Another time CeaseFire Oregon asked if I would join them in addressing newly proposed legislation. It was then that I learned that we have no law prohibiting open carry of weapons inside the state capitol. Nor are there metal detectors at the doors. During hearings for proposed legislation for anything related to weapons brings out great numbers of those who bring their weapons into the hearings rooms. Some sit calmly, but some have remarkably menacing attitudes. The expense for the state to hire all the extra needed armed security is significant, so they set aside certain days for all gun legislation hearings. They set aside a special room for those who would testify to support common sense gun legislation because of the intimidation by those in the audience who were armed.
Walking on Capitol Hill to Testify for Students
I’ve testified other times as well, but all were very different than providing a briefing in Washington DC. There absolutely were metal detectors at the doors and security was obvious. On that day, I walked with the woman who oversaw organization of counselors in the aftermath of Columbine. We’d talked on the phone many times during my stay in Littleton (for the week following their shooting), but we’d never met in person until the American School Counselors Association asked us to give a briefing on the hill. I was privileged to speak on behalf of school counselors everywhere, and loved that they also invited Peter of Peter, Paul and Mary to sing, as well as to talk about his “Don’t Laugh at Me” anti-bullying program.
These shooting events occur in all kinds of places. Although the numbers of dead and injured continue to rise, not much has changed. I’ve walked in elementary, middle and high schools after these events. I’ve walked in urban, suburban, and rural communities.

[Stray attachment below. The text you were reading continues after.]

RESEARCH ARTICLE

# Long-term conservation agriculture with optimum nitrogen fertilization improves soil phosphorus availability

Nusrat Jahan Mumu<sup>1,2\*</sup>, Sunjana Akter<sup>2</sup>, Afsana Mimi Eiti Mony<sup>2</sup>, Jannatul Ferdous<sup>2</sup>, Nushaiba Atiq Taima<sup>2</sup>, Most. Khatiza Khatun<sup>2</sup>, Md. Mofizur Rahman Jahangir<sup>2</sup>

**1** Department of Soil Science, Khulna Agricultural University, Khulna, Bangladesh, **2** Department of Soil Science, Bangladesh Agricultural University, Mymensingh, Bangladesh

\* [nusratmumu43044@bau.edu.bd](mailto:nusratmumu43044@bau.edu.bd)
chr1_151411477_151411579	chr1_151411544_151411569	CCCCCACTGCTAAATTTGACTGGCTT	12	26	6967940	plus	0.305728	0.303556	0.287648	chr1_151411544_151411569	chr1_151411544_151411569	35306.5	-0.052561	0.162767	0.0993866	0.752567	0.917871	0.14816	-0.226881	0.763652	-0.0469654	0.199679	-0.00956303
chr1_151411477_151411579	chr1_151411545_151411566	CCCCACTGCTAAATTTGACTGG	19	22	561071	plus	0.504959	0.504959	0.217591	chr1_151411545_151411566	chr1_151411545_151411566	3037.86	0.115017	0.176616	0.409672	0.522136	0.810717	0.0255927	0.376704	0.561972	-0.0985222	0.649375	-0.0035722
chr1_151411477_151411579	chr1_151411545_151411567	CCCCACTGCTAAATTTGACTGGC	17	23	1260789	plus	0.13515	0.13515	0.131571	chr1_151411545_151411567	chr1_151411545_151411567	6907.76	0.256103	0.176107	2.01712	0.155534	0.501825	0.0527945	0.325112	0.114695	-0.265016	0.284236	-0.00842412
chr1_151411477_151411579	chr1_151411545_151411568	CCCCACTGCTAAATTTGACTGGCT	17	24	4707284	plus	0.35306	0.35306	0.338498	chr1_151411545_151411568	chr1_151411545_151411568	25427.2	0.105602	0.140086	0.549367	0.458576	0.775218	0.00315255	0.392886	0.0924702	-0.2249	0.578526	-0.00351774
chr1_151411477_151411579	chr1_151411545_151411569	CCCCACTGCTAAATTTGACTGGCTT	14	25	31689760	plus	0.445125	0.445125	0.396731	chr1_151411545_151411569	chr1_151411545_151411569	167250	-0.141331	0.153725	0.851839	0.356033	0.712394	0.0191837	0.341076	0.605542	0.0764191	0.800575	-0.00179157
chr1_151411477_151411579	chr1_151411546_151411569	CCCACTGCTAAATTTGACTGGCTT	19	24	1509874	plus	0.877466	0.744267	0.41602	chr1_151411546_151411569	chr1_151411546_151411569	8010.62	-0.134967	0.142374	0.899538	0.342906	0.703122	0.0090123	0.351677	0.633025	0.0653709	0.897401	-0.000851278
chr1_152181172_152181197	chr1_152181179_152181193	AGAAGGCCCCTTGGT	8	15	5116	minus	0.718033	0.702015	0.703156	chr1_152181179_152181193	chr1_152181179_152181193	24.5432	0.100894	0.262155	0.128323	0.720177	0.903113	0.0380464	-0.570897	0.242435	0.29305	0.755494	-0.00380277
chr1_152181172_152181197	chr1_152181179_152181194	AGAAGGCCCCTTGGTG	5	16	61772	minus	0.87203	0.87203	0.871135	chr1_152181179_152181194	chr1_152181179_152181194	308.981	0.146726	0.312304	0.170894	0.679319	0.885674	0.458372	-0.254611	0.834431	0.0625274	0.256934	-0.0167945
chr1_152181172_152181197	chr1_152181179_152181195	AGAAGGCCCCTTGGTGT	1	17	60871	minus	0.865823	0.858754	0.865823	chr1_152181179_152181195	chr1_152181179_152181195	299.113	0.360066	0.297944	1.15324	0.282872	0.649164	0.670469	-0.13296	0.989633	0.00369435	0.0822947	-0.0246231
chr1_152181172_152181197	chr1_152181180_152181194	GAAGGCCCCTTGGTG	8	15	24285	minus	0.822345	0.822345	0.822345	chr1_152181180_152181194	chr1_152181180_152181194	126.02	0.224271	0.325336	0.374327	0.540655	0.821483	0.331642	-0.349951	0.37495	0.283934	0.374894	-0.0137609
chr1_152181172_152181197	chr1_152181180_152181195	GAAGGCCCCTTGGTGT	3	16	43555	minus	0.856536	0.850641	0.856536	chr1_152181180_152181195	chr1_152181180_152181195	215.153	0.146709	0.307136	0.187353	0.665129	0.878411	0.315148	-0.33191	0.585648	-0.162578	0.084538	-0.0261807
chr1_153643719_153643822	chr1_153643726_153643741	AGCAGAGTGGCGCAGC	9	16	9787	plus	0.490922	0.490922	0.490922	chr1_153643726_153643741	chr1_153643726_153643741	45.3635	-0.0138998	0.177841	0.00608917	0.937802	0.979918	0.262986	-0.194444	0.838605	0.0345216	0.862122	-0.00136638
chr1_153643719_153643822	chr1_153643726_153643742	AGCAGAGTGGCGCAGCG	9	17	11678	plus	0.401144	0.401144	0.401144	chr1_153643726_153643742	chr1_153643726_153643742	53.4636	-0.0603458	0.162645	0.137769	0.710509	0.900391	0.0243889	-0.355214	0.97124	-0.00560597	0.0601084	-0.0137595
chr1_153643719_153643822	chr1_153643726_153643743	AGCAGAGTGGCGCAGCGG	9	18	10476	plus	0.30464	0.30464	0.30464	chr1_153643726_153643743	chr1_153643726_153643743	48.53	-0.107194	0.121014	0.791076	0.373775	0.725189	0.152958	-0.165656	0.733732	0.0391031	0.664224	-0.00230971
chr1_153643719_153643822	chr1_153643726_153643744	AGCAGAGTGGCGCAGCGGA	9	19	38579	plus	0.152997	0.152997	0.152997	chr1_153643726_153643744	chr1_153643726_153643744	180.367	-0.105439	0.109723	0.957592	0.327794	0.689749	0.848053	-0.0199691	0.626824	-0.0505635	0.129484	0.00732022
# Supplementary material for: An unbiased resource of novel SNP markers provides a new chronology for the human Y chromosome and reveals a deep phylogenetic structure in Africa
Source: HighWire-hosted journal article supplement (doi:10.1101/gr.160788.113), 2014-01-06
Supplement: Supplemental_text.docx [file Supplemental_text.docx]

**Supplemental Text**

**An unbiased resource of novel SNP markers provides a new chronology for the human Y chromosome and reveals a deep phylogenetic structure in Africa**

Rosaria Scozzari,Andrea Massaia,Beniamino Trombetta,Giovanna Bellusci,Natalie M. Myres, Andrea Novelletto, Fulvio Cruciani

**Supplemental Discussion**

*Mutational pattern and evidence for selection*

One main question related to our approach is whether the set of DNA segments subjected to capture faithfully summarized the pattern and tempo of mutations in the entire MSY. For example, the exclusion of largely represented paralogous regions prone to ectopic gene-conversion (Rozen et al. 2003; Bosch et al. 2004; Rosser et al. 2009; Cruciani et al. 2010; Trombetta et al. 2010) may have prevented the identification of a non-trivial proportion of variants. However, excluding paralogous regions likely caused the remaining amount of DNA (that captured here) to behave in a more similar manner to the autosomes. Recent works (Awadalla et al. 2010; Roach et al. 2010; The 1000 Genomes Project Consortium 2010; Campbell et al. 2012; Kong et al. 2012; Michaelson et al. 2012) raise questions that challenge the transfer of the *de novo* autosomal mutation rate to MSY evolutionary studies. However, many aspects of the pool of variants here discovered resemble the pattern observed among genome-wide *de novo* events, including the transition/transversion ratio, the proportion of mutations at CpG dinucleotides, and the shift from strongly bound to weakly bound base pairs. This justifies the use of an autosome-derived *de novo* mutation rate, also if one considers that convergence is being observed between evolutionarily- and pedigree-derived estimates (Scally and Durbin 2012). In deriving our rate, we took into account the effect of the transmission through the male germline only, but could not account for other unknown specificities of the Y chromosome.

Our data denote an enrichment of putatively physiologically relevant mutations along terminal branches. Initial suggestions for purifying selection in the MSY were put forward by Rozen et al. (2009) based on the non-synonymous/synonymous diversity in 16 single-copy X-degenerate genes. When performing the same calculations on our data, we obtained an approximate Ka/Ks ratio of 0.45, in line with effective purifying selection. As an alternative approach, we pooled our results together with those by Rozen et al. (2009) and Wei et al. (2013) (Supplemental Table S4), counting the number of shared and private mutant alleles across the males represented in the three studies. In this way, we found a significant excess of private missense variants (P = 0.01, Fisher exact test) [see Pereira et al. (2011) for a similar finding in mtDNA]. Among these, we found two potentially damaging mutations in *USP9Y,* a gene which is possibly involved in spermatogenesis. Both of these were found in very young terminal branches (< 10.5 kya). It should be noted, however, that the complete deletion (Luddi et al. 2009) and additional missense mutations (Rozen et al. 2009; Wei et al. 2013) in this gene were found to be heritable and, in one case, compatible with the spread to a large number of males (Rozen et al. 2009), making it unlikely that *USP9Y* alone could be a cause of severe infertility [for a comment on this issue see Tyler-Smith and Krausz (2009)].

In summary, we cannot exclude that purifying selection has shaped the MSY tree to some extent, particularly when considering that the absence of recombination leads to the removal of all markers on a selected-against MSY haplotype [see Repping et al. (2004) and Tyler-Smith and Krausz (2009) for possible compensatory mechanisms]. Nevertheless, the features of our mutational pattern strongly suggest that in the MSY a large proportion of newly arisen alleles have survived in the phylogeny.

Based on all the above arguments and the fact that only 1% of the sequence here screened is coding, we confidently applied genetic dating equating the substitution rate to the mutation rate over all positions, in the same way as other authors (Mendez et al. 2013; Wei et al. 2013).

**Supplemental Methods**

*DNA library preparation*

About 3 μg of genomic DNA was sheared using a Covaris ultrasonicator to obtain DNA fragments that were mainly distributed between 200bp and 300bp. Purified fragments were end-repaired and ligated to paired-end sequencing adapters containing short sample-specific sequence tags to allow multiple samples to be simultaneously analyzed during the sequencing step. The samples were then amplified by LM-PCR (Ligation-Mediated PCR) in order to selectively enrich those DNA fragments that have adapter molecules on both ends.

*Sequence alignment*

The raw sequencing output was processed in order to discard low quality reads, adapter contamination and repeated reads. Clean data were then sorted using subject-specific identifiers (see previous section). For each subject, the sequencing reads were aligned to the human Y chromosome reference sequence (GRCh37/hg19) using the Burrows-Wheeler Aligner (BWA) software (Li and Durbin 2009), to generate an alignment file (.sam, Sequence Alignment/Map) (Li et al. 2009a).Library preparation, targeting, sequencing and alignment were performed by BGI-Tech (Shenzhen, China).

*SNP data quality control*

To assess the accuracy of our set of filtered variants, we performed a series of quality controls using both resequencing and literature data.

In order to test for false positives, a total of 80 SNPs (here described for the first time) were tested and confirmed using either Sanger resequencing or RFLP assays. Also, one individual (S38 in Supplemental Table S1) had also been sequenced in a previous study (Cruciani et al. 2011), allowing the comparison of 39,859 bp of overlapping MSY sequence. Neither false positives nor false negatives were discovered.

Today: Walking in a Student-Led March
But no walking that I have done and no walking that I could ever do could begin to accomplish what has happened today, when students walked for themselves. When students led us on the walk. The march for their lives, and really, for all our lives.
Many schools discouraged youth from participating in the walkout of March 14th. To those administrators, I would say, rise above your fear, concern or hesitation, and recognize that there was nothing anyone could teach students in 17 minutes that holds a candle to what they will learn if teachers will imbue their lessons with skills and tools that will help these students further mobilize their effort. Teach them to give press conferences and invite the mayor, the community, and the media to hear their message. Let them organize teach-ins and help them write plays and songs. Expect them to be respectful and respect their passionate efforts. Remember, one day your future will depend on them. And, since we haven’t solved the problem of school shootings, who are we to stand in their way?
Just as my walking for the past 20 years holds no candle to what these students have been able to do, no lesson in civics, journalism or government can teach them what they’re learning by active engagement in the process and liberties we are guaranteed by the work of our founding fathers. In the freedoms granted by our Constitution. And in freely taking legal, ethical, and purposeful action to make their voices heard.
To Each and Every Student Who Marched:
I am awed by your power, inspired by your determination, uplifted by your courage, and charmed by your chutzpah. I am hopeful by your numbers, given your mantra of “register and vote.” You are doing what we have not been able to do. You have mobilized many whose hearts were with the cause, but who weren’t yet on their feet. You have ignited a fire, and we need to fan those flames. Given we haven’t provided for your protection, we need to give you our all now. It is the least we can do!